The increase in hepatitis A outbreaks has highlighted the need for proper food safety measures in the production and distribution of fruits and vegetables.

Freezing is an effective way of preserving the quality and safety of fruits and vegetables, as it inhibits the growth of pathogens that can cause foodborne illnesses.

However, freezing may not be sufficient to eliminate the risk of hepatitis A transmission, as the virus can survive in frozen fruits and vegetables for several months.

The risk of hepatitis A transmission in frozen strawberries can also be influenced by the origin and production practices of the fruits. Imported strawberries, for instance, may have been grown and harvested in areas with poor sanitation, increasing the risk of contamination.

Similarly, strawberries that have been exposed to pesticides and other harmful chemicals may pose additional health risks to consumers.

Nevertheless, freezing strawberries can still be a worthwhile measure to reduce the risk of hepatitis A outbreaks.

Freezing removes moisture and slows down the growth of bacteria, and the lower temperatures can minimize the risk of cross-contamination during storage and transportation.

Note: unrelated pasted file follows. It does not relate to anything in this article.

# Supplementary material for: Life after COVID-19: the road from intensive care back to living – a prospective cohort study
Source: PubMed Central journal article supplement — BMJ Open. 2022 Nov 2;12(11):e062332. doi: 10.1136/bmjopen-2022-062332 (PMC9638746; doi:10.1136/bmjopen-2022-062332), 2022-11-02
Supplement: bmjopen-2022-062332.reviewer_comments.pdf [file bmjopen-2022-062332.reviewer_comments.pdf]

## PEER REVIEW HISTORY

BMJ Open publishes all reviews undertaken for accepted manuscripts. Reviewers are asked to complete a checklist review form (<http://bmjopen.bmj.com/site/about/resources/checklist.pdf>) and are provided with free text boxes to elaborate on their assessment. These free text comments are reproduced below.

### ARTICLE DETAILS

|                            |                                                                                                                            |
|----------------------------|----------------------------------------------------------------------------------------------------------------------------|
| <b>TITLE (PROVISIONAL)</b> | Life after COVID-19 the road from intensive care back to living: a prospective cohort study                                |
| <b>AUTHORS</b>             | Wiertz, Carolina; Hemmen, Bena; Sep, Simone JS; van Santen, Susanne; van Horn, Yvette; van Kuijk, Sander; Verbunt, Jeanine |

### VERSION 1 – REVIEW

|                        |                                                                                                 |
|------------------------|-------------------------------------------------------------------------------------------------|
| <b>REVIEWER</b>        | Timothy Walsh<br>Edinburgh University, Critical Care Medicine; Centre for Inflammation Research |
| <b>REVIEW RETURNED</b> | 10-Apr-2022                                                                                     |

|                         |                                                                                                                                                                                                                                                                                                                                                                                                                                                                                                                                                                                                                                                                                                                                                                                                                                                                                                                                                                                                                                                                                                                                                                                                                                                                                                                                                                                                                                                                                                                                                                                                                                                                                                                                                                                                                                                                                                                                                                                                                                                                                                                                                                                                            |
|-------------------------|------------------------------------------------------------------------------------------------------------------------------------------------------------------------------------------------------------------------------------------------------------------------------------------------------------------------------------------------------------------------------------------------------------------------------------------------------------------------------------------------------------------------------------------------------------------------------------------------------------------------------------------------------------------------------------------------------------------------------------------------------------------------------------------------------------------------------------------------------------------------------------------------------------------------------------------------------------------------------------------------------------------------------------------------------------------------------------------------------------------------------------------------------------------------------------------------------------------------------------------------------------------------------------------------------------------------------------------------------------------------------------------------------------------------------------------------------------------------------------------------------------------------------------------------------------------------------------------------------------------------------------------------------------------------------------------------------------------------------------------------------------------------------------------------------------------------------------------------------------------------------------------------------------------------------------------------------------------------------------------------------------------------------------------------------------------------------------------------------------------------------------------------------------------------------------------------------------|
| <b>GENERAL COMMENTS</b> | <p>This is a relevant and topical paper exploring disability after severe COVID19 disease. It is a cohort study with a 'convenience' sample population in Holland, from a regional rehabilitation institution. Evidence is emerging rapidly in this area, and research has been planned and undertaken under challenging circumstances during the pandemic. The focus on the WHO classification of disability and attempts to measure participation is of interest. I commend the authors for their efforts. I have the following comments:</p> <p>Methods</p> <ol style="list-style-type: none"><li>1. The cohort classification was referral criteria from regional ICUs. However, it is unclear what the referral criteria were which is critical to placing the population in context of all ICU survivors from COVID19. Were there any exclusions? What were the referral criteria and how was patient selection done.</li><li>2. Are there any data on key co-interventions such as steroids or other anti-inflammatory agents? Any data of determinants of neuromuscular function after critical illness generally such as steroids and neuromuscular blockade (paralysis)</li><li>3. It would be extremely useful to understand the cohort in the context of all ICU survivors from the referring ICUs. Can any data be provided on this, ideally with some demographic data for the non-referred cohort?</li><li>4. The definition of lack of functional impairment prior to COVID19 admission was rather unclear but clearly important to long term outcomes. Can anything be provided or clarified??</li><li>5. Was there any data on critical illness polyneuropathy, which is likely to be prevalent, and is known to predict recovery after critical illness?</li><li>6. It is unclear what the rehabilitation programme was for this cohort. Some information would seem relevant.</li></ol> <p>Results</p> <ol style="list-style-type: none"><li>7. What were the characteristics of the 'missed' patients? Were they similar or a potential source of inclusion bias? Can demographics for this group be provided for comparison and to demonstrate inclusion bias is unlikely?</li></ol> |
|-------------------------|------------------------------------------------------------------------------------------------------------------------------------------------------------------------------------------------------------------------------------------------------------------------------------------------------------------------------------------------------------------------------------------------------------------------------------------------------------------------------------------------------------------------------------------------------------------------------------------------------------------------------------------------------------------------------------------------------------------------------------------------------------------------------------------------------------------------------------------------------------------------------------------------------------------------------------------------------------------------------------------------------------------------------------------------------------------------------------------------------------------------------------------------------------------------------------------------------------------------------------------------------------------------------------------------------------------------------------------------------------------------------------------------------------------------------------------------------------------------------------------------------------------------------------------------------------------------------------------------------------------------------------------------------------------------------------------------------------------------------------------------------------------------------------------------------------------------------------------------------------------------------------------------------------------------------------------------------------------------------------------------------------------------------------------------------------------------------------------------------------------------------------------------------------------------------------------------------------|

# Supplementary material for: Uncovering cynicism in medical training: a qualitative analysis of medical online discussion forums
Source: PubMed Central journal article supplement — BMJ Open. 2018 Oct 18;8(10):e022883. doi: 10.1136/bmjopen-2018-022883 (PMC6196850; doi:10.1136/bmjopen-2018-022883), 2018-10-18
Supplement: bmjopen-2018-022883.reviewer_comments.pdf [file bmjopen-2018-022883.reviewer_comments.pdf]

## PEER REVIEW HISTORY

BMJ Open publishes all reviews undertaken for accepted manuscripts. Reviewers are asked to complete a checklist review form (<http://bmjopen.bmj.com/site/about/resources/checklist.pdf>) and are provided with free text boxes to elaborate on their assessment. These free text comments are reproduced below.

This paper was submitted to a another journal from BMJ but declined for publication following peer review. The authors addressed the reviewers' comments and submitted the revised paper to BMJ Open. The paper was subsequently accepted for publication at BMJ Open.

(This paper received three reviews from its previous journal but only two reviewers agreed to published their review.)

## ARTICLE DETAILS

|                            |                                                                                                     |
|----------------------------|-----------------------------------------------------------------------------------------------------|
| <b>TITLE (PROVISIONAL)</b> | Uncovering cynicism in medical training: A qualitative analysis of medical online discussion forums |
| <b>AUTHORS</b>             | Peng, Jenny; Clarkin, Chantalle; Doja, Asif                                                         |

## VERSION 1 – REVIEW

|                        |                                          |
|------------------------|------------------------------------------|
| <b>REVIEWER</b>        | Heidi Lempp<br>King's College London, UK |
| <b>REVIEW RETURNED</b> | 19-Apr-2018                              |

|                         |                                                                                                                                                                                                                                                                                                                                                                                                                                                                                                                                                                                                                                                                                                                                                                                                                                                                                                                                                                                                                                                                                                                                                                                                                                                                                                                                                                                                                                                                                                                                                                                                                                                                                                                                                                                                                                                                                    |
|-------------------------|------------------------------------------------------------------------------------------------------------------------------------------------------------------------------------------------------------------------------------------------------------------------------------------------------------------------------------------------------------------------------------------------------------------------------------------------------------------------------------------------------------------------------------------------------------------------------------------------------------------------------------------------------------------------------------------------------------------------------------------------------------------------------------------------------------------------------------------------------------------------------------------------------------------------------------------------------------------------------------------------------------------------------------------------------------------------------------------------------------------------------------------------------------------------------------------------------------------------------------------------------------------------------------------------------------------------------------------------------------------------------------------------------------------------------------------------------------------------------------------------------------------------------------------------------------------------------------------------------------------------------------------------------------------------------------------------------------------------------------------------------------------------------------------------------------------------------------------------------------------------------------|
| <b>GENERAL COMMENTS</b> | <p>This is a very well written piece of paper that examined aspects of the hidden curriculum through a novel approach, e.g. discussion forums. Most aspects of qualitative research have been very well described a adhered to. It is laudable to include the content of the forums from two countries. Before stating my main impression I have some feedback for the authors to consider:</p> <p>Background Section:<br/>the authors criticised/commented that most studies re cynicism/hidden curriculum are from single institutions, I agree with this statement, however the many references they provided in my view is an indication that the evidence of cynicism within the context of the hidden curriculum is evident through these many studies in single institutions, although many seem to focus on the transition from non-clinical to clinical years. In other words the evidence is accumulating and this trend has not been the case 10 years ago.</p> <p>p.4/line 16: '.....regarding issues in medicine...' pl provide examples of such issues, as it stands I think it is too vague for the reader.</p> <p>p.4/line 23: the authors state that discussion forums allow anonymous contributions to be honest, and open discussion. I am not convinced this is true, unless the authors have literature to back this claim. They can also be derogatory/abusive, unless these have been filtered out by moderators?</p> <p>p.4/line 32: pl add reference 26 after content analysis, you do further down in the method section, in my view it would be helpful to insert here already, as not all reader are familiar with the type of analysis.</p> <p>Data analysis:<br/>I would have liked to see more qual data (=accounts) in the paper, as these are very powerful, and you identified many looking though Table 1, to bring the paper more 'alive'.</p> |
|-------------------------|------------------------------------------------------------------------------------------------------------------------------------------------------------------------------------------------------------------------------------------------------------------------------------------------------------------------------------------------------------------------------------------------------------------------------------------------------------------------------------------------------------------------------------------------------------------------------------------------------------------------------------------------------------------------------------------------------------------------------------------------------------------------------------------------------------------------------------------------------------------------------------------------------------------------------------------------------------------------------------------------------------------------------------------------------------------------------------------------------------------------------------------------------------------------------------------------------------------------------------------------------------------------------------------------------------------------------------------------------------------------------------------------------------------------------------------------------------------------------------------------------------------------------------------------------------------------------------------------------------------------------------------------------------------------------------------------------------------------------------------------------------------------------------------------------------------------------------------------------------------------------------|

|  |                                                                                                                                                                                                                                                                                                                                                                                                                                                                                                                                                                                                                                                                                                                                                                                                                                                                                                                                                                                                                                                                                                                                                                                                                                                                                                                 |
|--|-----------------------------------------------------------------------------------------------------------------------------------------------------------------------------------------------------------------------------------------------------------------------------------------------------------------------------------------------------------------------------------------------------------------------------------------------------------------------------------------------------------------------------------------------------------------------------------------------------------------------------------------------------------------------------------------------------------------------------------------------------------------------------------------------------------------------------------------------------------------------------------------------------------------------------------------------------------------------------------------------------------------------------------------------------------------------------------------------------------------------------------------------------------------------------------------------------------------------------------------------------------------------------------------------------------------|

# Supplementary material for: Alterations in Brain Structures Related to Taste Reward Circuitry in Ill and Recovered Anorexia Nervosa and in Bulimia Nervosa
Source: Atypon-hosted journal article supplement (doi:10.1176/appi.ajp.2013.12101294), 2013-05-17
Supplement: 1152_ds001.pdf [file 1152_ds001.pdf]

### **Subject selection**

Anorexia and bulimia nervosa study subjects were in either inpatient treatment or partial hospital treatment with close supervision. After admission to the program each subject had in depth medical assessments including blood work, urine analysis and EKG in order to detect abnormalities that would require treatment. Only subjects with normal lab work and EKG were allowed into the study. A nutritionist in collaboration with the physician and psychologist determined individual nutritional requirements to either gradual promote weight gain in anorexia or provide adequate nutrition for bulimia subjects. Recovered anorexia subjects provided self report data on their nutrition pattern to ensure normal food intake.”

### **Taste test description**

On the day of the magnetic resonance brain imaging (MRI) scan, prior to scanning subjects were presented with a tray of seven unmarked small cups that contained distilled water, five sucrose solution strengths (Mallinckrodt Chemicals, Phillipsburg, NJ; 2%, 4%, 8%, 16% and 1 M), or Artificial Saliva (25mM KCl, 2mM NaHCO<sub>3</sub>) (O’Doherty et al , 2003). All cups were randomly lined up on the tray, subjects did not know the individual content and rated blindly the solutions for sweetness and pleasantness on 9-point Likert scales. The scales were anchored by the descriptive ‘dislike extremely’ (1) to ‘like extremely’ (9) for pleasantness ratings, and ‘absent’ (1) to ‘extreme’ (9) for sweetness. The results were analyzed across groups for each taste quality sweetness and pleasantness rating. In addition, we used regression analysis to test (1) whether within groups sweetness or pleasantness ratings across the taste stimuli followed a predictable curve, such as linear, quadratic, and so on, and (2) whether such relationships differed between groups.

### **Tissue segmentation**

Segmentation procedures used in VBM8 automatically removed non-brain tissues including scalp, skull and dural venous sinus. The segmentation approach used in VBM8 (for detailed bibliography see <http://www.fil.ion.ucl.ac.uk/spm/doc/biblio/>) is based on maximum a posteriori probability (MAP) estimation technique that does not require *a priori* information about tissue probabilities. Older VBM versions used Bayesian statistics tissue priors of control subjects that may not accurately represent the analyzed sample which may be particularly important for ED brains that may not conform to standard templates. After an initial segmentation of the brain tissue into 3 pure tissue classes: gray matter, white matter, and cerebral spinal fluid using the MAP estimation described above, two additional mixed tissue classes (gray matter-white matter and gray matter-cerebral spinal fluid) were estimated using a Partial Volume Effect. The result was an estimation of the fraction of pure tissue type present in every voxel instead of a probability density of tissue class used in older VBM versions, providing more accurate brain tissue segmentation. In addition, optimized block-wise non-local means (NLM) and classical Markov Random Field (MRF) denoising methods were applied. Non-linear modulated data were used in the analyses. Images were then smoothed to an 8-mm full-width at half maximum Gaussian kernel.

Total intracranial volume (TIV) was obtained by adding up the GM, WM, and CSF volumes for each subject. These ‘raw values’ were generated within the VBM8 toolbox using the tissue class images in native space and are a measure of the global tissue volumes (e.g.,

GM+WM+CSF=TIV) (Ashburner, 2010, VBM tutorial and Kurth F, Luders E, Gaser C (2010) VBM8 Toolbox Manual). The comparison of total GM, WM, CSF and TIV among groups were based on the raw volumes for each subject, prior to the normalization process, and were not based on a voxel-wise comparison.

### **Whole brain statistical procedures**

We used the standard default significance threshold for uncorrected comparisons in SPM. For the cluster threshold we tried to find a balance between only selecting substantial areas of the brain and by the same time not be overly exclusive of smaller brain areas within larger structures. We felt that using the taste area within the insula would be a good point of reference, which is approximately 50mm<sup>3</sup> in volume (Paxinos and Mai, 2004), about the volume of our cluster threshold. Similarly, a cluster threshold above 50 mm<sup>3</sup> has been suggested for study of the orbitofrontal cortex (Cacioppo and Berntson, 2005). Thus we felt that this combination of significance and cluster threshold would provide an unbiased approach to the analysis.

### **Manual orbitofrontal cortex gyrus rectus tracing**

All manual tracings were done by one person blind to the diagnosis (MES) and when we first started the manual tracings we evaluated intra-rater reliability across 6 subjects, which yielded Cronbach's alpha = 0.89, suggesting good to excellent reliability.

Additionally, freezing can prolong the shelf life of the fruits, reducing food waste and promoting food security.

However, before freezing strawberries, it is important to handle them properly to minimize the risk of contamination.

Washing the fruits thoroughly, removing any dirt or debris, and cutting off the stems and leaves can eliminate any potential pathogens on the surface of the fruits.

It is also important to avoid thawing and refreezing the fruits, as this can provide an environment for bacteria to grow.

To further reduce the risk of hepatitis A transmission, it is recommended that consumers cook frozen strawberries to a temperature of at least 72°C before consumption. This can ensure that any remaining viruses or bacteria are destroyed, preventing illness.